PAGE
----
Phillip Schröder, Tesla’s Country Director for Germany and Austria, has resigned from his position at Tesla to return to his former employer, Sonnenbatterie, as Head of Operations and Marketing. The move is effective from October 1, 2015.
Sonnenbatterie is a German market leader in lithium-ion energy storage systems. The company employs over 100 staff, and was established in 2010. As a key European player, the company has sold over 4,000 large-scale storage systems in Europe.
Schröder has a been a significant part of Tesla’s European operations since his appointment as Country Director in February 2014. In the role, he was responsible for sales revenue development and expansion planning for Tesla Motors in the region.
He leaves his Tesla position having seen regional registrations for the Model S surpass those of the BMW 7 Series and Porsche Panamera for the first time in March 2015.
The first quarter 2015 saw 373 Model S electric sedans sold in Austria and Germany (294). Those sales represent a sharp rise compared to 183 registrations in Germany in 2013. As of June 2015, Germany has over 1,700 Model S registrations.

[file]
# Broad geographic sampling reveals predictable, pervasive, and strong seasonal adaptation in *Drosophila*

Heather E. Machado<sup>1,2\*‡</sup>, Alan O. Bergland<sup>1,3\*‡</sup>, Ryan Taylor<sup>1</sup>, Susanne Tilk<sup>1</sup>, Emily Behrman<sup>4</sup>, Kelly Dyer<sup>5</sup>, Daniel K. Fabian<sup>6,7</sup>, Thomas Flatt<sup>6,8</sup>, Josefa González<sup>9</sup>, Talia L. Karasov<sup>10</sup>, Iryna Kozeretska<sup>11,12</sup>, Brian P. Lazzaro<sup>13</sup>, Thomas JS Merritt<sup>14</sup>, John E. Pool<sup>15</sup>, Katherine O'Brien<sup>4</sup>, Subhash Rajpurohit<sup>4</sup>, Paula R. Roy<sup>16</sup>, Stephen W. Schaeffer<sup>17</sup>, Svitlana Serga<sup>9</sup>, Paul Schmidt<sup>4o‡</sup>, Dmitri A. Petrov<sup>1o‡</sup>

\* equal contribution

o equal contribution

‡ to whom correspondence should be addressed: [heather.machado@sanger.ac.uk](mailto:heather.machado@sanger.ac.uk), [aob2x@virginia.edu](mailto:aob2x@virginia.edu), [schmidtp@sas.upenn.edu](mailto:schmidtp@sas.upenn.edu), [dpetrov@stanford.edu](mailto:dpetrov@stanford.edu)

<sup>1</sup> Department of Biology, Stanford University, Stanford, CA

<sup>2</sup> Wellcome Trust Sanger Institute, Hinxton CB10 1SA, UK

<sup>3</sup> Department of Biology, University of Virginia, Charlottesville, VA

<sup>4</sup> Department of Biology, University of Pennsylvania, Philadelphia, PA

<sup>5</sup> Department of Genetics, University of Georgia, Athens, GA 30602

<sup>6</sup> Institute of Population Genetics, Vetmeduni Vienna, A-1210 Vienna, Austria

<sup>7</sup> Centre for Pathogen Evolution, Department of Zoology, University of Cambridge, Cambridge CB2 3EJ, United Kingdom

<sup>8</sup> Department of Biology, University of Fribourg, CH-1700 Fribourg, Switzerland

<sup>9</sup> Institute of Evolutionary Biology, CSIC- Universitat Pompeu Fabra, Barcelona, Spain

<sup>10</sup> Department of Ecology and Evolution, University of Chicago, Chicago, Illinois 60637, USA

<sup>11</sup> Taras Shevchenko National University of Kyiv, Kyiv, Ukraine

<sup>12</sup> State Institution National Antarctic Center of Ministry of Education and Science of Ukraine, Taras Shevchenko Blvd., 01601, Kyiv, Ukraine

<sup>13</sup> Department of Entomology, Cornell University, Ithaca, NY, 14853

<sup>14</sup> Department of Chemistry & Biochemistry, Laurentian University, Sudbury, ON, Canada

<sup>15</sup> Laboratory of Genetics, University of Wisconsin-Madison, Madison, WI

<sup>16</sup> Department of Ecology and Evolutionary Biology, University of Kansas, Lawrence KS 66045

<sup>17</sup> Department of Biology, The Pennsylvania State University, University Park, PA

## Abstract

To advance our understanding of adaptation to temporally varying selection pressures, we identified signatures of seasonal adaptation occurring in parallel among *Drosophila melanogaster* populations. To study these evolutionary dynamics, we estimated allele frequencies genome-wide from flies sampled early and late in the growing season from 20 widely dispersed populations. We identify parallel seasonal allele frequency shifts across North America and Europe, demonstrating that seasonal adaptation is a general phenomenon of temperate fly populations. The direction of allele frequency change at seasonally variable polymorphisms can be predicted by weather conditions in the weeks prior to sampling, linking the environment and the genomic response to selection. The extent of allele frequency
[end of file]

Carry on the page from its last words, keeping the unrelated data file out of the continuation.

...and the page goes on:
In addition, Schröder supported Tesla’s recruitment of staff, and fostered growth of customer support services including all important Tesla charging stations. On this front, the rapid rise in Tesla charging stations in the region over recent years has undoubtedly aided sales in the two countries — Superchargers now provide widespread coverage for Germany and Austria via 45 and 7 stations, respectively.
The move back to Sonnenbatterie is not without a hint of irony. Since Schröder’s departure, Tesla itself has moved into the battery and energy storage industry after introduction of Tesla Energy, which unveiled the Powerwall and Powerpack storage systems in April this year and consequently stands as a direct competitor to Sonnenbatterie.
Schröder’s return to Sonnenbatterie, where he was previously Director of Sales & Business Development, will likely have a significant impact on the company’s recent endeavors to expand their field of operations into the US storage market.
Prominent amongst the Sonnenbatterie’s product portfolio is a software platform to integrate solar panels, lithium-ion batteries and home energy management systems into an ‘intelligent’ system. These systems, which were developed in-house, range in price from around $13,000 for a 4.5-kilowatt-hour storage system to about $21,000 for a 10-kilowatt-hour system. Sonnenbatterie also offer modular systems up to 60 kWh.
Here’s a video of Schröder speaking at ECO14 Berlin: